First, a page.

Do Cell Phones Cause Health Risks? Radiation's Effects on the Human Body.

Essay by niki_nmnUniversity, Bachelor'sA, March 2004

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Many public agencies, along with the general population, have heard numerous reports about how mobile phone devices emit radiation that is absorbed by the user's body. These startling accounts have begun to worry many safety organizations, and many are disappointed to announce the inconclusive research behind cell phone risk. Numerous companies, including the United States Government, have conducted experiments dealing with the dangers of this type of radiation, and the results of these tests usually come back with contradictory answers.

Before we begin to analyze how the radiation levels affect the health of human begins, it is important we first discuss the definition and type of radiation associated with telecommunication devices. The radiation emitted by cellular phones is classified as radio frequency or RF (US FDA, 1), and is expressed in a unit called a hertz (HZ), which is equal to one wave per second. More commonly, RF is measured by means of its power density, or the power per unit area, expressed in milliwatts per square centimeter (mW/cm^2).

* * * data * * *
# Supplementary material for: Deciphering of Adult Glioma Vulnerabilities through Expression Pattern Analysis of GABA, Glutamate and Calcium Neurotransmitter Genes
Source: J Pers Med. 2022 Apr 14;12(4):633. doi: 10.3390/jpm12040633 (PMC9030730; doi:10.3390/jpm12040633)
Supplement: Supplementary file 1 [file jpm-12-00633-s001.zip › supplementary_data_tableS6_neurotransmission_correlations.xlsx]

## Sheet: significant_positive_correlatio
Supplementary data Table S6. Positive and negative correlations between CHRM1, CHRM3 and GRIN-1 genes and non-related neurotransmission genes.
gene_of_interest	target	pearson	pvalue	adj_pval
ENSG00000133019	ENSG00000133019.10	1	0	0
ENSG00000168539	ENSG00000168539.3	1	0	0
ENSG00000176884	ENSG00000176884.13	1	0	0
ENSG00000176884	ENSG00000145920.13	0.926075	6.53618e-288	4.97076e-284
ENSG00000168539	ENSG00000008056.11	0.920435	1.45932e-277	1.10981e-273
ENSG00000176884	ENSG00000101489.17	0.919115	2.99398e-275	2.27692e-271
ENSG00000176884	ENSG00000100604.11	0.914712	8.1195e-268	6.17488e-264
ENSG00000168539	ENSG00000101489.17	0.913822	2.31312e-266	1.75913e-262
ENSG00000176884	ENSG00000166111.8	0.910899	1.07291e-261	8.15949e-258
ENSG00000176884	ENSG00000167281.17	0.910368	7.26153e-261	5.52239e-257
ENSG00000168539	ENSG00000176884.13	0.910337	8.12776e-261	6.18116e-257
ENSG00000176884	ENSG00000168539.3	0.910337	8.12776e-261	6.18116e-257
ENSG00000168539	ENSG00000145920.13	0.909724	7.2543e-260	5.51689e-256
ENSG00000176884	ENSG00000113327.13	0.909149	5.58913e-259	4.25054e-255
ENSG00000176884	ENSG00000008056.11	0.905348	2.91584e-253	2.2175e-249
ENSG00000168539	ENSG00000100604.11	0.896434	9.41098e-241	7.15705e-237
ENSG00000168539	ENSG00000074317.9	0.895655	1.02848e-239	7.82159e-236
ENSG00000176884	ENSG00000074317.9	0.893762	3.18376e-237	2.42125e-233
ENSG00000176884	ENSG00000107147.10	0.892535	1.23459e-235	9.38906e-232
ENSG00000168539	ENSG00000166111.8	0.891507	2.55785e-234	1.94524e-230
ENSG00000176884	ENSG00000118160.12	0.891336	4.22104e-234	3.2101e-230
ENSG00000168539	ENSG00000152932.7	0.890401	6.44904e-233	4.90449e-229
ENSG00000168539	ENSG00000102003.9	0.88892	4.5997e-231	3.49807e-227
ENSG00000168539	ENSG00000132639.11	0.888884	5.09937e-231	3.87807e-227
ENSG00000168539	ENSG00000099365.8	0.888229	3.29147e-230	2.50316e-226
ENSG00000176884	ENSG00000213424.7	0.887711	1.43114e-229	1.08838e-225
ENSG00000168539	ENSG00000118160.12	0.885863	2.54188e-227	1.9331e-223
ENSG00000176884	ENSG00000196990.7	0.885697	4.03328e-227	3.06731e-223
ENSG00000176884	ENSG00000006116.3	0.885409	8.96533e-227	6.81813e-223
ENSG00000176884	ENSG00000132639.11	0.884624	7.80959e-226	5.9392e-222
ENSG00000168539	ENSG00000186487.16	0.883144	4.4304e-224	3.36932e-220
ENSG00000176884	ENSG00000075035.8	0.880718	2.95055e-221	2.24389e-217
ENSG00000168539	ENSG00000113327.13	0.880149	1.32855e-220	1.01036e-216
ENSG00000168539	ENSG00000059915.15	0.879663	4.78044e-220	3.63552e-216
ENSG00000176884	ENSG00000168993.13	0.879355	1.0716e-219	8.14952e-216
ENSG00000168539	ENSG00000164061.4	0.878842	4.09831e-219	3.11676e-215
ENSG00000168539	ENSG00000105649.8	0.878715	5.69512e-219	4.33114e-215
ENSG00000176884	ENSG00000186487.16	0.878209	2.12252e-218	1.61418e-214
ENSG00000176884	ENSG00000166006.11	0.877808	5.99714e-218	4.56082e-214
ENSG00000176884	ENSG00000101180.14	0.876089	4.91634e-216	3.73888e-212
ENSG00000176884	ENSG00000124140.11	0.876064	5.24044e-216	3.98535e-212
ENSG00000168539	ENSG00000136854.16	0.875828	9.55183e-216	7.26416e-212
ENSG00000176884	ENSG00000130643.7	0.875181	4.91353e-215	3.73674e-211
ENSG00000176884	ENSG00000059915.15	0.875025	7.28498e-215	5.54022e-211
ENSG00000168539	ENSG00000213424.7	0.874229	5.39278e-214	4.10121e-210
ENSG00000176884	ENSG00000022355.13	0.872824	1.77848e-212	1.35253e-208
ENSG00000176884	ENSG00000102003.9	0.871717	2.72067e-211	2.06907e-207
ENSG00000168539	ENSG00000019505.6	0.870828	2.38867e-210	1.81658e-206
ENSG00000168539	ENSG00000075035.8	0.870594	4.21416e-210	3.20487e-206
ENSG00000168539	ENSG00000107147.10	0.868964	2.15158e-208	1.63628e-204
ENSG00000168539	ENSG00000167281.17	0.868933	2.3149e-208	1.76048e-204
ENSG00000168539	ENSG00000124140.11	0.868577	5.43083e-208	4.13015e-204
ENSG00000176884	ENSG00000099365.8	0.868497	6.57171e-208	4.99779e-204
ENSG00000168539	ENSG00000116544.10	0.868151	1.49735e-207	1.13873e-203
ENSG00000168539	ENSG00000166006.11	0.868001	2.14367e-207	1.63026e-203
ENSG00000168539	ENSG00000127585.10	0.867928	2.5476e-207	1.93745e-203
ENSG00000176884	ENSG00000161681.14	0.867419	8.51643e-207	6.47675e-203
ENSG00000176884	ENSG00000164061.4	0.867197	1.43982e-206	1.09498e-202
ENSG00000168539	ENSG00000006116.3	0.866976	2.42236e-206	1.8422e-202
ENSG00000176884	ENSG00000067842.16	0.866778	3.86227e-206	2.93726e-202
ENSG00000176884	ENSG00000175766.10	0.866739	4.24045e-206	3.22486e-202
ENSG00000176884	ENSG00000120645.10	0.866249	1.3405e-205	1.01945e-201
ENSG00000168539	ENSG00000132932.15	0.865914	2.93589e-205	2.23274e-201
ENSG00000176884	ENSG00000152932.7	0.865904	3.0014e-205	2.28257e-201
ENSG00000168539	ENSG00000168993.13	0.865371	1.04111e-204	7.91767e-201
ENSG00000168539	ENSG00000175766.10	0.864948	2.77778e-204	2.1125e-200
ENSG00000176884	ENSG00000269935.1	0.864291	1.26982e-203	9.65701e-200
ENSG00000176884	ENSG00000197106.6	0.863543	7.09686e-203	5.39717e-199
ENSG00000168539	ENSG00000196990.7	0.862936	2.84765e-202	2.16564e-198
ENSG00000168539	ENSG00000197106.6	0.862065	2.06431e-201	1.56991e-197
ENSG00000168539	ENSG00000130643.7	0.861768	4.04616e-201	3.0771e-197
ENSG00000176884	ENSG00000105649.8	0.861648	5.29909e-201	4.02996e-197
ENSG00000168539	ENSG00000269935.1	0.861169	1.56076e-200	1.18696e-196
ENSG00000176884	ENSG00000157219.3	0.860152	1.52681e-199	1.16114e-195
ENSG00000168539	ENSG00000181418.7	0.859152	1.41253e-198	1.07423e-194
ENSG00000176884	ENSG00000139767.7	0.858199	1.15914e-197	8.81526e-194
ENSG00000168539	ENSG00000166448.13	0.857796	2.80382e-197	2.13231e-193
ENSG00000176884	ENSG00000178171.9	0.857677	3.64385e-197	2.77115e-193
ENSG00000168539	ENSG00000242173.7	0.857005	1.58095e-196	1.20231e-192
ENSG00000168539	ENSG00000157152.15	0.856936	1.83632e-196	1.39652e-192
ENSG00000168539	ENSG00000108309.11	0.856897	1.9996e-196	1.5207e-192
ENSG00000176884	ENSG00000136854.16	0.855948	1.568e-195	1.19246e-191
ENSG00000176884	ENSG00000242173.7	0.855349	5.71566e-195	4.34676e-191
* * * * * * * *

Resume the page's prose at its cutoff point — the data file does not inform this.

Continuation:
The quality used to measure how much RF energy is actually absorbed by the body is called the Specific Absorption Rate or SAR. It is usually expressed in units of Watts per kilogram (W/kg) or milliwatts per gram (mW/g). Many organizations have run test to determine a safe level for SAR absorption in the human body. The Federal Communications Commission or FCC guidelines are derived from two expert organizations called the National Council on Radiation Protection and Measurements (NCRP) and the Institute of Electrical and Electronics Engineers (IEEE). These organizations have labeled the SAR value of four watts per kilogram (4W/kg) as a threshold level of exposure at which radiation can harm body tissues (US FDA, 3). The SAR level of 4W/kg was adopted as the U.S. legal limit in...